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What to watch in Trump’s hush money trial

By Kara Scannell, Jeremy Herb, Lauren del Valle, Julian Cummings and Laura Dolan, CNN

(CNN) — Former President Donald Trump’s New York criminal hush money trial, set to begin Monday, brings with it a long list of charges, witnesses, potential penalties, appeals and attorneys.

Here’s everything you need to know.

Case overview

The charges stem from reimbursements made to Trump’s former lawyer and fixer Michael Cohen for hush money payments he made before the 2016 election to adult film star Stormy Daniels to stop her from speaking publicly about her alleged affair with Trump a decade earlier. The former president has pleaded not guilty and denied the affair with Daniels.

While it’s known as the “hush money” trial, Manhattan District Attorney Alvin Bragg has said this case is about election interference, alleging the $130,000 payment was part of a wider scheme enacted by Trump and his allies from 2015 to 2017 to keep damaging information from voters.

Prosecutors allege that once the “Access Hollywood” tape – wherein Trump speaks graphically about his proclivity to grope women – became public, the campaign was scrambling to quash Daniels’ allegation out of concern of how it would play with female voters. Prosecutors will have to prove that Trump is guilty of falsifying business records with the intent to hide that $130,000 payment.

Trump is required to attend the trial unless he receives a waiver from Judge Juan Merchan.

The Manhattan District Attorney’s Office officially launched its investigation into the alleged hush money schemes under the previous DA, Cy Vance, in August 2018, the same month Cohen pleaded guilty to federal charges related to the Daniels payments. Under Vance, prosecutors shifted their investigation to focus on the Trump Organization’s finances and away from the repayment scheme.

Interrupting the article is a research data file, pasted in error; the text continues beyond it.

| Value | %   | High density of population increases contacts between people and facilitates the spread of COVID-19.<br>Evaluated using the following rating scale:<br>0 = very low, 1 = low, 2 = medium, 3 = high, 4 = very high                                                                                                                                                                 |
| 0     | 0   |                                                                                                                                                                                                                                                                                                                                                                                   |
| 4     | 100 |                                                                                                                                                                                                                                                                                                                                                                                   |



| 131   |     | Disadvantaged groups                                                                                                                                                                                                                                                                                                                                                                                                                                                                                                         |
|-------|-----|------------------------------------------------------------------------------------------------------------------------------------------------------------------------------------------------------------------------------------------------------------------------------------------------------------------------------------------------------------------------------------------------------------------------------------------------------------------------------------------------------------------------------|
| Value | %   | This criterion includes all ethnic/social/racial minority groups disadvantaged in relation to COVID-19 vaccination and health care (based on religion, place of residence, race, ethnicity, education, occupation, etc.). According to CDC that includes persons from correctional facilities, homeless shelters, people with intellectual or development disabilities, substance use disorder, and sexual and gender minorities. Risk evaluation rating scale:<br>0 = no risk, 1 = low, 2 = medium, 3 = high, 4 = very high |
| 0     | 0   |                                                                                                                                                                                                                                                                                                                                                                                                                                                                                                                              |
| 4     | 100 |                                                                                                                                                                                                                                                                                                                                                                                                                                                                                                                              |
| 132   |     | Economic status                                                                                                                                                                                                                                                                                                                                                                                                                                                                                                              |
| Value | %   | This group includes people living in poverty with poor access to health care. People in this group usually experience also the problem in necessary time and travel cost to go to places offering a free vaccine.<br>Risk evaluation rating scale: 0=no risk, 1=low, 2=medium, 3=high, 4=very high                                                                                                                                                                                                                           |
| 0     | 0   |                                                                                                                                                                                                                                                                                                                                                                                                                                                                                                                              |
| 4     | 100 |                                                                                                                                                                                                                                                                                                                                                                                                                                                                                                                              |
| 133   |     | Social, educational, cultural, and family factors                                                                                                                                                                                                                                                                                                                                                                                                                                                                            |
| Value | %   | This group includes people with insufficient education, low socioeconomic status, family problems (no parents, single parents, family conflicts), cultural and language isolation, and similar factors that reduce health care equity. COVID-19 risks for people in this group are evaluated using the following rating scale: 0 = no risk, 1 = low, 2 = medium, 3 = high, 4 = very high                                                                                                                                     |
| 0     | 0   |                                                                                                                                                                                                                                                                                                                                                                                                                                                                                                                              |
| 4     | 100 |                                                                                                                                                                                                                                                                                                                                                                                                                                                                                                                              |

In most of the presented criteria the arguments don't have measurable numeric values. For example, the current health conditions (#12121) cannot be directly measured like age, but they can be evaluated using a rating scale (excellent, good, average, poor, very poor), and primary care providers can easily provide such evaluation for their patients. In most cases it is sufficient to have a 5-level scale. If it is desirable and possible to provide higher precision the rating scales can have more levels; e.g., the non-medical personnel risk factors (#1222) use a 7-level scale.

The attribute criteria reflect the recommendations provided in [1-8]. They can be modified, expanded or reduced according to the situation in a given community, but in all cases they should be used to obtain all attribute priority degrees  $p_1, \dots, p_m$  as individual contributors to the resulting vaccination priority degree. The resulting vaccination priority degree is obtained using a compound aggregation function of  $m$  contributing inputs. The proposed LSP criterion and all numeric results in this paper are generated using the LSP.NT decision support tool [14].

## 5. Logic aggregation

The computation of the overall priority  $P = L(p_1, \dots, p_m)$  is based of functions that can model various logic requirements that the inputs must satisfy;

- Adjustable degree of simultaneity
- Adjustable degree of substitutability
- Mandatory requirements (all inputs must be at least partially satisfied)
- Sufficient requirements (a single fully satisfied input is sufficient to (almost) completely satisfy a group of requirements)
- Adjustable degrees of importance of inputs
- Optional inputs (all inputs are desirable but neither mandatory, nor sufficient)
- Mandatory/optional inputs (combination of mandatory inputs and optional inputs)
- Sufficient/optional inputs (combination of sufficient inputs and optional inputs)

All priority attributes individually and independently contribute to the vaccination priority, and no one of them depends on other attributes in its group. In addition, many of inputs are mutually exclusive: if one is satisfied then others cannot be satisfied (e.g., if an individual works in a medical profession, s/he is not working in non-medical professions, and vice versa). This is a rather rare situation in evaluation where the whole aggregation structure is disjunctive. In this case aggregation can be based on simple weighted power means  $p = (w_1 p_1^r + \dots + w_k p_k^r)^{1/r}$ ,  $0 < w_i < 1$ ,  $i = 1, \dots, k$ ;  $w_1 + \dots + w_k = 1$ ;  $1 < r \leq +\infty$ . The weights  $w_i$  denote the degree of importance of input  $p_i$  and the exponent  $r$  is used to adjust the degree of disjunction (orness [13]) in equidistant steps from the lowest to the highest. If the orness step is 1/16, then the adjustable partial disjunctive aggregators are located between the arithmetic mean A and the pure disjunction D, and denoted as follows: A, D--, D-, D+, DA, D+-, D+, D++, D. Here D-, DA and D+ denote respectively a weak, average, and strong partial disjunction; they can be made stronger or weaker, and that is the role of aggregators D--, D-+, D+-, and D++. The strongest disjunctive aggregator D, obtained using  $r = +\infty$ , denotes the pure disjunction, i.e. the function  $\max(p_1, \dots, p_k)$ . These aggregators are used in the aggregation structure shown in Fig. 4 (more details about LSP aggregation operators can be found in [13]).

Bragg, who took office in January 2022, has accused Trump of leaning on his political power to avoid criminal responsibility for years and campaigned on a promise to prosecute the former president. A grand jury was eventually green-lit to hear the hush money case in December 2022, leading to the historic indictment of the former president just over a year ago.

What exactly is Trump accused of doing?

Cohen said he paid Daniels at Trump’s request shortly before the 2016 election to keep her quiet. Cohen paid Daniels the $130,000 through a shell corporation he set up and funded at a Manhattan bank. Cohen plead guilty in 2018 to violating federal campaign finance laws and implicated Trump directly in the scheme.

The falsified business records include invoices created by Cohen, entries for the payments recorded on Trump books, and checks that were mostly signed by Trump to Cohen. Prosecutors allege they falsely say the payments were for legal expenses pursuant to a retainer agreement, but prosecutors allege there never was a retainer agreement.

The charges

Trump is charged with 34 felony counts of falsifying business records in the first degree, all related to the cover-up of hush money payments to Daniels.

Each count represents a separate instance of the alleged misconduct, pointing to different business records associated with a series of repayments to Cohen (ledger entries, checks, stubs, invoices, etc.) that were allegedly falsified to conceal his criminal conduct.

The potential penalties

The maximum penalty for each count is four years in state prison, but the judge has discretion over how long any sentence should be and whether to allow any sentences to be served consecutively. He could also sentence Trump to probation.